Skip to content

May 04 2012

A New understanding of an old killer

Mosquitoes bring death. Not just the nasty figurative death of a thousand bites. They also bring a slow death of coughing, blood clots, and heart failure. Dogs suffer like my grandfather, after decades of heavy smoking. And heartworm infections are on the rise.

There are several reasons. Mild winters and heavy storms provide ideal mosquito conditions. Missing doses of preventative is the primary reason for dogs (and even cats) to get infected. Shorter winters and heavy spring rains increase the risk of infection before you can start your spring rituals. The American Heartworm Society has been studying the disease for years and has changed its recommendations to better protect your pet.

While it was once believed that seasonal preventative was adequate in northern states, we now know that the preventative should be given year round. This is partially to minimize the risk of starting too late after your pet has been bitten or quitting too early in the fall. Entomologists have confirmed that mosquitoes survive several freezes and become active on a warm winter afternoon. I noticed this phenomenon years ago winter camping in upper Michigan between Christmas and the New Year. Despite a couple inches of snow on the ground at Sleeping Bear Dunes, a mosquito landed on my arm.

People sometime believe that indoor dogs are safe from this scourge. I lost a paper trained indoor only dog, while I worked in Indiana. Apparently his owner, a sweet little old lady who couldn’t get down the front porch without help, had a hole in her screen. She also had poor eyesight. By the time she realized her dog was sick it had suffered serious changes to the heart, blood vessels, and liver. I was able to keep her companion alive for less than a year. Damage to the great blood vessels caused a condition called ‘venous congestion’. Stagnant blood backed up in the liver, starving it of oxygen until dead cells were replaced by a mass of scar tissue.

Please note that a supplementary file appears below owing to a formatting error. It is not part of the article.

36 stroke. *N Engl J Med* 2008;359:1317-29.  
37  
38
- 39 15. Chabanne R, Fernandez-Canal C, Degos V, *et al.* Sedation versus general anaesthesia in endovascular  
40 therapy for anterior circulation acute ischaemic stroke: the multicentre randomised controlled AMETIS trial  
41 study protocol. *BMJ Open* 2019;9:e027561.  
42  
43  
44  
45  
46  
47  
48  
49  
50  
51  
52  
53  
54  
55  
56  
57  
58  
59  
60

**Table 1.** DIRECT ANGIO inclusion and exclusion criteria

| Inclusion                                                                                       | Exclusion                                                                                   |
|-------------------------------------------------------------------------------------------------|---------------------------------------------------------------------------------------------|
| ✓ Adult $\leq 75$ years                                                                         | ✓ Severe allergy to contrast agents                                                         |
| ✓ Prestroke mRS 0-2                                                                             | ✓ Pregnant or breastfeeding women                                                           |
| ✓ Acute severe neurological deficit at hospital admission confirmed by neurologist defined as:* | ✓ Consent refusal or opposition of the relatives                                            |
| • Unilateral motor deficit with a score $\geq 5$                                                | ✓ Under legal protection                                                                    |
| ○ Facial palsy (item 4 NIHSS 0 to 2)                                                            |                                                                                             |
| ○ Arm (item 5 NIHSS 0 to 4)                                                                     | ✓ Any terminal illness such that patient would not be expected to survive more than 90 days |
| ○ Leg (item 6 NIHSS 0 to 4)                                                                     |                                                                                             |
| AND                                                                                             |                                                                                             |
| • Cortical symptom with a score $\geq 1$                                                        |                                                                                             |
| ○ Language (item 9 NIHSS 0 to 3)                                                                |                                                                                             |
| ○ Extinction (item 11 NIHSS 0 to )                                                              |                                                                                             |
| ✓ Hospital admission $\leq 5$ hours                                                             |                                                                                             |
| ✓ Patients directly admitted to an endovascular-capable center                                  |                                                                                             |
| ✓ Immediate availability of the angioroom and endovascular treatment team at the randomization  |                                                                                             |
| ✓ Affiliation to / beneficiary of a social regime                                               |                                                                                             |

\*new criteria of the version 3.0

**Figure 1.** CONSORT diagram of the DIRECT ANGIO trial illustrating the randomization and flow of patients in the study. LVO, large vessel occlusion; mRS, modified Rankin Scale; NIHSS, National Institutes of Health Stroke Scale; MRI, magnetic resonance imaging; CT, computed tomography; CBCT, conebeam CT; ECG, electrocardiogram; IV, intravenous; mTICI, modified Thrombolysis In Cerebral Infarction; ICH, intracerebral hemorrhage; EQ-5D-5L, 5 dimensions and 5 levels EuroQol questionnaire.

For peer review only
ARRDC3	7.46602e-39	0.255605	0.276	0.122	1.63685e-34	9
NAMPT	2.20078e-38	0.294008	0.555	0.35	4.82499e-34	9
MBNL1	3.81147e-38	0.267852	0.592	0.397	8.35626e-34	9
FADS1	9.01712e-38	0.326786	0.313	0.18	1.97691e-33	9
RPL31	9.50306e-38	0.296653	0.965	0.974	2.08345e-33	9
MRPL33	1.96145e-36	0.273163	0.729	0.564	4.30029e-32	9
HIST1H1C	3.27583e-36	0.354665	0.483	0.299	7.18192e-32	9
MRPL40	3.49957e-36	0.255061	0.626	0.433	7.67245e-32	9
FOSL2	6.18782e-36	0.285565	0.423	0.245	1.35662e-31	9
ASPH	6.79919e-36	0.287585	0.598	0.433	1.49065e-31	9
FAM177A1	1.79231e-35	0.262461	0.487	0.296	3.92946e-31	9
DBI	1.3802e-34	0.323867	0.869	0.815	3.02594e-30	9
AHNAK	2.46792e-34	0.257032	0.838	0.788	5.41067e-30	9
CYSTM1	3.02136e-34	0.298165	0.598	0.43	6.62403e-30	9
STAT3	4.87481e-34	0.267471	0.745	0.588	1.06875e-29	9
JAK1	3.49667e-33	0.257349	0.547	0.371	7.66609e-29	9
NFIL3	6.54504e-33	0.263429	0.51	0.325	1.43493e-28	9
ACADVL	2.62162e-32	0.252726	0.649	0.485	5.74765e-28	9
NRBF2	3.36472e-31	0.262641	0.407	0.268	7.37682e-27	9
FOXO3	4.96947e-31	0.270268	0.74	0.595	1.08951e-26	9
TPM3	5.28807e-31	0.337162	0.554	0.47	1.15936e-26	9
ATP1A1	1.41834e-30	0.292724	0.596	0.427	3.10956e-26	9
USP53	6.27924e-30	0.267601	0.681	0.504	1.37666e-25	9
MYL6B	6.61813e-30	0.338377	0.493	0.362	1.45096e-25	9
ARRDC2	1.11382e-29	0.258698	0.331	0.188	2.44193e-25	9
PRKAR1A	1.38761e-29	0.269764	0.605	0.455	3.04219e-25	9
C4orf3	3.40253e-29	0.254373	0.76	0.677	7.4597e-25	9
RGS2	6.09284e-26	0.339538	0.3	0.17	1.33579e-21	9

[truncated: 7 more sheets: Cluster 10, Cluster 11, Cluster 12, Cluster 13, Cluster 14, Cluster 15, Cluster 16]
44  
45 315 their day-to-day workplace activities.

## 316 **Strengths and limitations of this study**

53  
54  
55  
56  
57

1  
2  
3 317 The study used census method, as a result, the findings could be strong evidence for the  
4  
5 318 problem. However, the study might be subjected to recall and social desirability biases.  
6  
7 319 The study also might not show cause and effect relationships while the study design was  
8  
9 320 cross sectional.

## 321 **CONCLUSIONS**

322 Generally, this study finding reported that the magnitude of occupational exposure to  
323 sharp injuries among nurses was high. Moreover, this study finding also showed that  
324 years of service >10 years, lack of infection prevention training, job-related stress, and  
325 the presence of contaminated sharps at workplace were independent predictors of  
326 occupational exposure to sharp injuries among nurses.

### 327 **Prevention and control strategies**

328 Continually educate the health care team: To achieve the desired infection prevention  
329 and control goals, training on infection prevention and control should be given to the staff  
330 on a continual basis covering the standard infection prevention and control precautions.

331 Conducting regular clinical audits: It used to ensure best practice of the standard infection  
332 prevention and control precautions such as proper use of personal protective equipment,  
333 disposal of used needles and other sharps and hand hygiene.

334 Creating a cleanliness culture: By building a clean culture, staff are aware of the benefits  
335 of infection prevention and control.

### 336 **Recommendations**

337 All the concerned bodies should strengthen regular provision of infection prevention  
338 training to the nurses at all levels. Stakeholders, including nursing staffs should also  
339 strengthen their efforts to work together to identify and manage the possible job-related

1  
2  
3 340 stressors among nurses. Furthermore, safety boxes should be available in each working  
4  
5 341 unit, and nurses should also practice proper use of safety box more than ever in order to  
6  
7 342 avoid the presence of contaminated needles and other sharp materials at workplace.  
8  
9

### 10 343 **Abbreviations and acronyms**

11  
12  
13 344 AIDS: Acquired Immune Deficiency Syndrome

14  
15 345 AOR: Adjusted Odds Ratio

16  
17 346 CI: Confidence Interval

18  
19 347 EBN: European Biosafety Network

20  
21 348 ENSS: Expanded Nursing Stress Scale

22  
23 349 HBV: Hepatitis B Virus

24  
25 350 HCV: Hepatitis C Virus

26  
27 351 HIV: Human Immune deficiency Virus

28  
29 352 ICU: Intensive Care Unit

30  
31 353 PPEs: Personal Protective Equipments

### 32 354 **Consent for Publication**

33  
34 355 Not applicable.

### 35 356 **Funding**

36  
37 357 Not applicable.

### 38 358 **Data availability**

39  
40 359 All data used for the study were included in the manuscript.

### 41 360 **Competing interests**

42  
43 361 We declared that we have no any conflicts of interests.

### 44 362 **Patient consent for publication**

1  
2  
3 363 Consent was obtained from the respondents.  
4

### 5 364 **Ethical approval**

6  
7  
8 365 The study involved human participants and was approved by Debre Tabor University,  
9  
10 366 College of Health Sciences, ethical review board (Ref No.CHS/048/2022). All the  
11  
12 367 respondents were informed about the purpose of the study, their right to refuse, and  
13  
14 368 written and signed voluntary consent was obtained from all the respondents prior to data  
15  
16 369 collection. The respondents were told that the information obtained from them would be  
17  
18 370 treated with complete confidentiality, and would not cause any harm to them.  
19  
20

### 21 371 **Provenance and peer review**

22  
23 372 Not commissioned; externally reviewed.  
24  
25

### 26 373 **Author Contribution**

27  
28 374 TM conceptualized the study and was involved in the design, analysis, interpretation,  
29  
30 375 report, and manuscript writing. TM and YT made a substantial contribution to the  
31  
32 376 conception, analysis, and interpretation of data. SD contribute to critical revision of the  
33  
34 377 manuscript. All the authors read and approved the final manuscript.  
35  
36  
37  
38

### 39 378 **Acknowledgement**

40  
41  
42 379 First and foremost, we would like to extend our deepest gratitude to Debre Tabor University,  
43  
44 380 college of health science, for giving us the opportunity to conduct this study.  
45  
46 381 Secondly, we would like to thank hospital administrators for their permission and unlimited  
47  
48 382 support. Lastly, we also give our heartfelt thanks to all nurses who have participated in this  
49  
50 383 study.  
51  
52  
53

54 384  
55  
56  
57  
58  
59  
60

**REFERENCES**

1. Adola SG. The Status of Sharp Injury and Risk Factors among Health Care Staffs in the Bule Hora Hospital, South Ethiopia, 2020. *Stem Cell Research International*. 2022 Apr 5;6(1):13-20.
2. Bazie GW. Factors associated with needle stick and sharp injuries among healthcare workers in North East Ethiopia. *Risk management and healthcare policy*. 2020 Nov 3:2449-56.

Changes in recommendations are also due to concerns that the immature heartworm larvae (the only stages affected by preventatives) are getting harder to kill. It is thought that allowing a winter vacation gives the larvae a chance to mature and increase the odds of a partially resistant worm thwarting your efforts to protect your pooch.

Gradual weight gain, especially if your pet is growing or aging, often results in under dosing. Low doses also increase the odds of parasites evolving resistance to common heartworm preventatives. It is feared that may be happening in some southern states already. It is being actively investigated.

But the veterinary profession is fighting back. We have also gained increased wisdom and are learning new tricks to treat the disease. The newer protocols are even safer than they were a couple years ago. We have successfully treated dogs of all ages.

But treatment is expensive. They rely on several medications, including one called Melarsomine. (Immiticide). This drug currently has to be imported from Europe due to a failure in an American manufacturing plant. This has increased the cost. The total treatment process takes several months. It requires activity restriction, so you cannot let your dog romp and play during a critical 2 month period. It is estimated that on average it costs more to treat a dog than to prevent the disease for the dog’s lifetime. That is assuming we catch it early with a yearly blood test and no complications occur during treatment. And even after we cure your dog, you still have to keep it on preventative for the rest of its life. There is no immunity.

We have long known that early detection is critical, allowing treatment before substantial damage has been done to the pulmonary blood vessels. It is now known that larger dogs may hide an infection longer, allowing more damage to occur. This makes the yearly blood tests increasingly important.

Cats are even more complicated (aren’t they always?). The disease is less common in cats, often causing asthma signs. The disease is harder to diagnose and treatment options are limited. Therefore cats that spend significant time outdoors should be on Revolution for heartworm prevention, as well as flea and ear mite control.

Dogs should be on preventative year round and weighed regularly. Depending on your dog’s lifestyle we may recommend Heartgard plus, Revolution, or Trifexis. Dogs should be blood tested every year. Dogs that are allowed to become infected need to be treated using the newest drug protocols.

Alex Cole, DVM

Website Admin | What's New

Leave a Reply

Your email address will not be published. Required fields are marked *